At her 2010 MoMA retrospective, Abramović performed The Artist Is Present, in which she shared a period of silence with each stranger who sat in front of her. Although "they met and talked the morning of the opening,"[38] Abramović had a deeply emotional reaction to Ulay when he arrived at her performance, reaching out to him across the table between them; the video of the event went viral.[39]

In November 2015, Ulay took Abramović to court, claiming she had paid him insufficient royalties according to the terms of a 1999 contract covering sales of their joint works.[40][41] In September 2016, a Dutch court ordered Abramović to pay €250,000 to former co-creator and lover Ulay as his share of sales of artistic collaborations over their joint works. In its ruling, the court in Amsterdam found that Ulay was entitled to royalties of 20% net on the sales of their works, as specified in the original 1999 contract, and ordered Abramović to backdate royalties of more than €250,000, as well as more than €23,000 in legal costs.[42] Additionally, she was ordered to provide full accreditation to joint works listed as by "Ulay/Abramović" covering the period from 1976 to 1980, and "Abramović/Ulay" for those from 1981 to 1988.

Seven Easy Pieces, 2005[edit]

Abramović performing Bruce Nauman's Body Pressure, Guggenheim Museum, 2005

Beginning on November 9, 2005, Abramović presented Seven Easy Pieces at the Guggenheim Museum in New York City. On seven consecutive nights for seven hours she recreated the works of five artists first performed in the '60s and '70s, in addition to re-performing her own Lips of Thomas and introducing a new performance on the last night. The performances were arduous, requiring both the physical and the mental concentration of the artist. Included in Abramović's performances were recreations of Gina Pane's Self-Portraits, which required lying on a bed frame suspended over a grid of lit candles, and of Vito Acconci's 1972 performance in which the artist masturbated under the floorboards of a gallery as visitors walked overhead. It is argued that Abramović re-performed these works as a series of homages to the past, though many of the performances were altered from their originals.[43]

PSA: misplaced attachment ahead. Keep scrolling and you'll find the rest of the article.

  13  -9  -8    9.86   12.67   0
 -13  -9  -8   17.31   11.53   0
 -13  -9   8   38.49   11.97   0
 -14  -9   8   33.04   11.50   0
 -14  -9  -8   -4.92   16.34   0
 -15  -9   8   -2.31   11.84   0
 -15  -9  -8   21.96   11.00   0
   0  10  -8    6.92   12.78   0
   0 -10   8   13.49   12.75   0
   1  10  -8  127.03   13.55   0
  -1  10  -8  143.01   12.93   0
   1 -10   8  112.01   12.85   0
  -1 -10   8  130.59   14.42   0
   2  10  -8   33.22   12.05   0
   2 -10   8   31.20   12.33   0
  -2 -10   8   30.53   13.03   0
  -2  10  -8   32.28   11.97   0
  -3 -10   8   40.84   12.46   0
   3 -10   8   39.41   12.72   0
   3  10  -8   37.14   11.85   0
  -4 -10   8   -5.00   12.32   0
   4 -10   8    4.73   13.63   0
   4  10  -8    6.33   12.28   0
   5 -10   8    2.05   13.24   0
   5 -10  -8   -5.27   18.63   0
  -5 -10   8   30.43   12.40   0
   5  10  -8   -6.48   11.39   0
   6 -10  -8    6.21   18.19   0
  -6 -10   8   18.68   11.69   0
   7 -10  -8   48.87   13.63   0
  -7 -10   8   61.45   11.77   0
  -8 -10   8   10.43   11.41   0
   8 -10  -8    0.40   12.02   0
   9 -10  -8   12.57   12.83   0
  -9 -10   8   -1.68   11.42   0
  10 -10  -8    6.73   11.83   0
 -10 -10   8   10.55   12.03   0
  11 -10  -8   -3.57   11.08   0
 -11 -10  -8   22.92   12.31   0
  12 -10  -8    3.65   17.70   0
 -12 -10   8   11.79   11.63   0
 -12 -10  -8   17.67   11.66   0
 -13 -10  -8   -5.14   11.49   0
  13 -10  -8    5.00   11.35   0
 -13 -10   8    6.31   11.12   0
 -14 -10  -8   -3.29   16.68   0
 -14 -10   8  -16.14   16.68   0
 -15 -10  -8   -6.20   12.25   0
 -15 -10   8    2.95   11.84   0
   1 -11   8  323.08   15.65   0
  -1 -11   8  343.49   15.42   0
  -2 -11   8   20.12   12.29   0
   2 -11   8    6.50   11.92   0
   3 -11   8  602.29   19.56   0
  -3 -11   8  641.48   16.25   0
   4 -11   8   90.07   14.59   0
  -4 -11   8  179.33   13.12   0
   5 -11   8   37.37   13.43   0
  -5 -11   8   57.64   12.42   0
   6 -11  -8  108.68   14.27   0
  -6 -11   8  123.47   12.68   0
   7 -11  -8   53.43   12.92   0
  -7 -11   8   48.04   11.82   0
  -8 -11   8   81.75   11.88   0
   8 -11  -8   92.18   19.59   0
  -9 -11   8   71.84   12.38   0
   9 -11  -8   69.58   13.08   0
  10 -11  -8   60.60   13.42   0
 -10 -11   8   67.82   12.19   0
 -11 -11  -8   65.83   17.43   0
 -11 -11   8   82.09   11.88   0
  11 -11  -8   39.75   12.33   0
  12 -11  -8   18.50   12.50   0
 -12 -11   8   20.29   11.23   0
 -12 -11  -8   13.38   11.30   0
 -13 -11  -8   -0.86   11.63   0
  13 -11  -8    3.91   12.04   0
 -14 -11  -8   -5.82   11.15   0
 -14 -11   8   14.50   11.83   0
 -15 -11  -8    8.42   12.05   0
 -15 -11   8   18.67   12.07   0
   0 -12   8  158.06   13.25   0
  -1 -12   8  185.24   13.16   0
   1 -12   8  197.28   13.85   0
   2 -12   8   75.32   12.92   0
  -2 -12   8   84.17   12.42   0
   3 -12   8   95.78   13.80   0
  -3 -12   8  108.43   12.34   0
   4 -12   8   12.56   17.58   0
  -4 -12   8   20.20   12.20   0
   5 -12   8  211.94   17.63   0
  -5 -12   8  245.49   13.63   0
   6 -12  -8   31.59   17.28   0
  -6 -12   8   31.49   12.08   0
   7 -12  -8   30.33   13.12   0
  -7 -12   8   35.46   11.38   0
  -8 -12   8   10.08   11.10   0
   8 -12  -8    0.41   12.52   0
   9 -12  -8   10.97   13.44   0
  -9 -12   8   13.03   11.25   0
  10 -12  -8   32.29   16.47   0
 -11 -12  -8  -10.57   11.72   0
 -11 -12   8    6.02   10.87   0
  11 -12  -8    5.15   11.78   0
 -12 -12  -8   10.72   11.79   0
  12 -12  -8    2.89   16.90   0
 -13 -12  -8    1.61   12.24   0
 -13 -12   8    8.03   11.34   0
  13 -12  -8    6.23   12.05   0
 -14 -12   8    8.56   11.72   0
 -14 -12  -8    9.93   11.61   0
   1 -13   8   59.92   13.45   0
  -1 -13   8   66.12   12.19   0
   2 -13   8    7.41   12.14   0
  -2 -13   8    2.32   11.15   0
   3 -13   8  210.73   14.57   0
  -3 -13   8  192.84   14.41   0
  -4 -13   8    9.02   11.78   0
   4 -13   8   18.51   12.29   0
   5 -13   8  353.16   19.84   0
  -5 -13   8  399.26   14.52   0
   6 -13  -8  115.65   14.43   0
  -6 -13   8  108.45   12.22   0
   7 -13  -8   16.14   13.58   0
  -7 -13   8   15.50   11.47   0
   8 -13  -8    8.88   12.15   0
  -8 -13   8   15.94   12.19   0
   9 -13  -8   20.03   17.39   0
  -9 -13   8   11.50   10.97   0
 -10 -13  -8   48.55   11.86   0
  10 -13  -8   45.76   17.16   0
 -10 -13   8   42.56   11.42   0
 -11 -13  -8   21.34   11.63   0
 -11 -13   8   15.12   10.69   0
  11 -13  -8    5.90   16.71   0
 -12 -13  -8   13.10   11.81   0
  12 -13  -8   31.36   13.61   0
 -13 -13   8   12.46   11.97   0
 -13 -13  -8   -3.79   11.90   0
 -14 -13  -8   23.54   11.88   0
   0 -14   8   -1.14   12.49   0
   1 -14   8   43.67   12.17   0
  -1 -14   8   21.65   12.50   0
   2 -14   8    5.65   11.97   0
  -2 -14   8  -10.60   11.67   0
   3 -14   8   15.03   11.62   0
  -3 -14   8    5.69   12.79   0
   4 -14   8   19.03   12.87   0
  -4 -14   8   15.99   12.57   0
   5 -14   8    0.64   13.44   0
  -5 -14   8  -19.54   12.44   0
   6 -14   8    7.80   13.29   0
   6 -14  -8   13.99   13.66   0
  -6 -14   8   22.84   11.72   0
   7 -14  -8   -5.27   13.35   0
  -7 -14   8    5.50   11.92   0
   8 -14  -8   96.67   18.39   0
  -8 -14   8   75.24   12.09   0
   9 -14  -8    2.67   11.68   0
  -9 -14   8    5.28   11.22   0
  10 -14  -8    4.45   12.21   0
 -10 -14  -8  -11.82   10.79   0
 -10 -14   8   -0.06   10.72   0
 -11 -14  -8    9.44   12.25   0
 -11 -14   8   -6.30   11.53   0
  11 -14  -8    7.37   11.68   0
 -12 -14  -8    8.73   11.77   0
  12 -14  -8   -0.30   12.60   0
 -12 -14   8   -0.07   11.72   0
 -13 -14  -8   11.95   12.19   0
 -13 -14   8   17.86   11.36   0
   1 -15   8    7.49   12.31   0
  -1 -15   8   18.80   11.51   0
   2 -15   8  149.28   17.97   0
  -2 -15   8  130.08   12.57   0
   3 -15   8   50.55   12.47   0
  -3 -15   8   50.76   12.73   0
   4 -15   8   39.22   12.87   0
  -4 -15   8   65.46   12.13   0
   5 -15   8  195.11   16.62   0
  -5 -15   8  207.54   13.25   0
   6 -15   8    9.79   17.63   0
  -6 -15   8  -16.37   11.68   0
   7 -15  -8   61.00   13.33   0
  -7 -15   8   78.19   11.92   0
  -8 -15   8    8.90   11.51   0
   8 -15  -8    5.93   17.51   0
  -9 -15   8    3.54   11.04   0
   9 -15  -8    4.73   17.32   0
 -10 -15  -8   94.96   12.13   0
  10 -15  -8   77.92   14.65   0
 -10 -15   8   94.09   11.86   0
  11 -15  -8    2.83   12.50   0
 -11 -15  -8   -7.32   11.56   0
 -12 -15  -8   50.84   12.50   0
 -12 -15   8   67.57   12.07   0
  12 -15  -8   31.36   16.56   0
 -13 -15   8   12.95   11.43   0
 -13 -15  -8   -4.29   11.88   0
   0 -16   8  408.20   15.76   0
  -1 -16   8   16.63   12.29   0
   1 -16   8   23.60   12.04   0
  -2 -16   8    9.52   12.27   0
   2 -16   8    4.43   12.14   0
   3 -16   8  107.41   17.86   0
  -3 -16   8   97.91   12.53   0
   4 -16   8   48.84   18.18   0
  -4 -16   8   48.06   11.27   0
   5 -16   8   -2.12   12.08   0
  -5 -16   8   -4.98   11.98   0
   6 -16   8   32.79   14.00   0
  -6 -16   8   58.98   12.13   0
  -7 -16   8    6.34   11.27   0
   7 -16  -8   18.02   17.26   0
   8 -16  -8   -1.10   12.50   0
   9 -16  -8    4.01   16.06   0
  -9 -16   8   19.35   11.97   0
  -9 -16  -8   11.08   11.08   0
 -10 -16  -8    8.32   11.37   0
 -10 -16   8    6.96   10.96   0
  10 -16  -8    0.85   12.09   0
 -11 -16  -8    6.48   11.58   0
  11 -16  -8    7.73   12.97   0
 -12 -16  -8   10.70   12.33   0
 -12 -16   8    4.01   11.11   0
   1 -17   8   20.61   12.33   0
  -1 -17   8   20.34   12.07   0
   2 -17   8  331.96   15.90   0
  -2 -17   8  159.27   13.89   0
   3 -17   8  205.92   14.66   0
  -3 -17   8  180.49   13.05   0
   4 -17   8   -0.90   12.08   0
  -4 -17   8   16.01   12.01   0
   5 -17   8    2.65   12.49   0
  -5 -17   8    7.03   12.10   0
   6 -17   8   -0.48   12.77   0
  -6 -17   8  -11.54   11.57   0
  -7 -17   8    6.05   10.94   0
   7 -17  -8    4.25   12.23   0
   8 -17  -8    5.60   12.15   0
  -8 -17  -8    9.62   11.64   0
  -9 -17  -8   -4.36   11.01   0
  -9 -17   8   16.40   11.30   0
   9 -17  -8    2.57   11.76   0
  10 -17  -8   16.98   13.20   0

Here is a full list of the works performed:

The Artist Is Present: March – May 2010[edit]

Abramović performing The Artist Is Present, Museum of Modern Art, March 2010

From March 14 to May 31, 2010, the Museum of Modern Art held a major retrospective and performance recreation of Abramović's work, the biggest exhibition of performance art in MoMA's history, curated by Klaus Biesenbach.[44] Biesenbach also provided the title for the performance, which referred to the fact that during the entire performance "the artist would be right there in the gallery or the museum."[45]

During the run of the exhibition, Abramović performed The Artist Is Present,[46] a 736-hour and 30-minute static, silent piece, in which she sat immobile in the museum's atrium while spectators were invited to take turns sitting opposite her.[47] Ulay made a surprise appearance at the opening night of the show.[48]

Abramović sat in a rectangle drawn with tape in the floor of the second floor atrium of the MoMA; theater lights shone on her sitting in a chair and a chair opposite her.[49] Visitors waiting in line were invited to sit individually across from the artist while she maintained eye contact with them. Visitors began crowding the atrium within days of the show opening, some gathering before the exhibit opened each morning to rush for a more preferable place in the line to sit with Abramović. Most visitors sat with the artist for five minutes or less and the line attracted no attention from museum security except for the last day of the exhibition when a visitor vomited in line and another began to disrobe. Tensions among visitors in line could have arisen from an understanding that for every minute each person in line spent with Abramović, there would be that many fewer minutes in the day for those further back in line to spend with the artist. Due to the strenuous nature of sitting for hours at a time, art-enthusiasts have speculated as to whether Abramović wore an adult diaper to eliminate the need to move to urinate. Others have highlighted the movements she made in between sitters as a focus of analysis, as the only variations in the artist between sitters were when she would cry if a sitter cried and her moment of physical contact with Ulay, one of the earliest visitors to the exhibition. Abramović sat across from 1,545 sitters, including Klaus Biesenbach, James Franco, Lou Reed, Alan Rickman, Jemima Kirke, Jennifer Carpenter and Bjork; sitters were asked not to touch or speak to the artist. By the end of the exhibit, hundreds of visitors were lining up outside the museum overnight to secure a spot in line the next morning. Abramović concluded the performance by slipping from the chair where she was seated and rising to a cheering crowd more than ten people deep.

A support group for the "sitters," "Sitting with Marina," was established on Facebook,[50] as was the blog "Marina Abramović made me cry."[51] The Italian photographer Marco Anelli took portraits of every person who sat opposite Abramović, which were published on Flickr,[52] compiled in a book[53] and featured in an exhibition at the Danziger Gallery in New York.[54]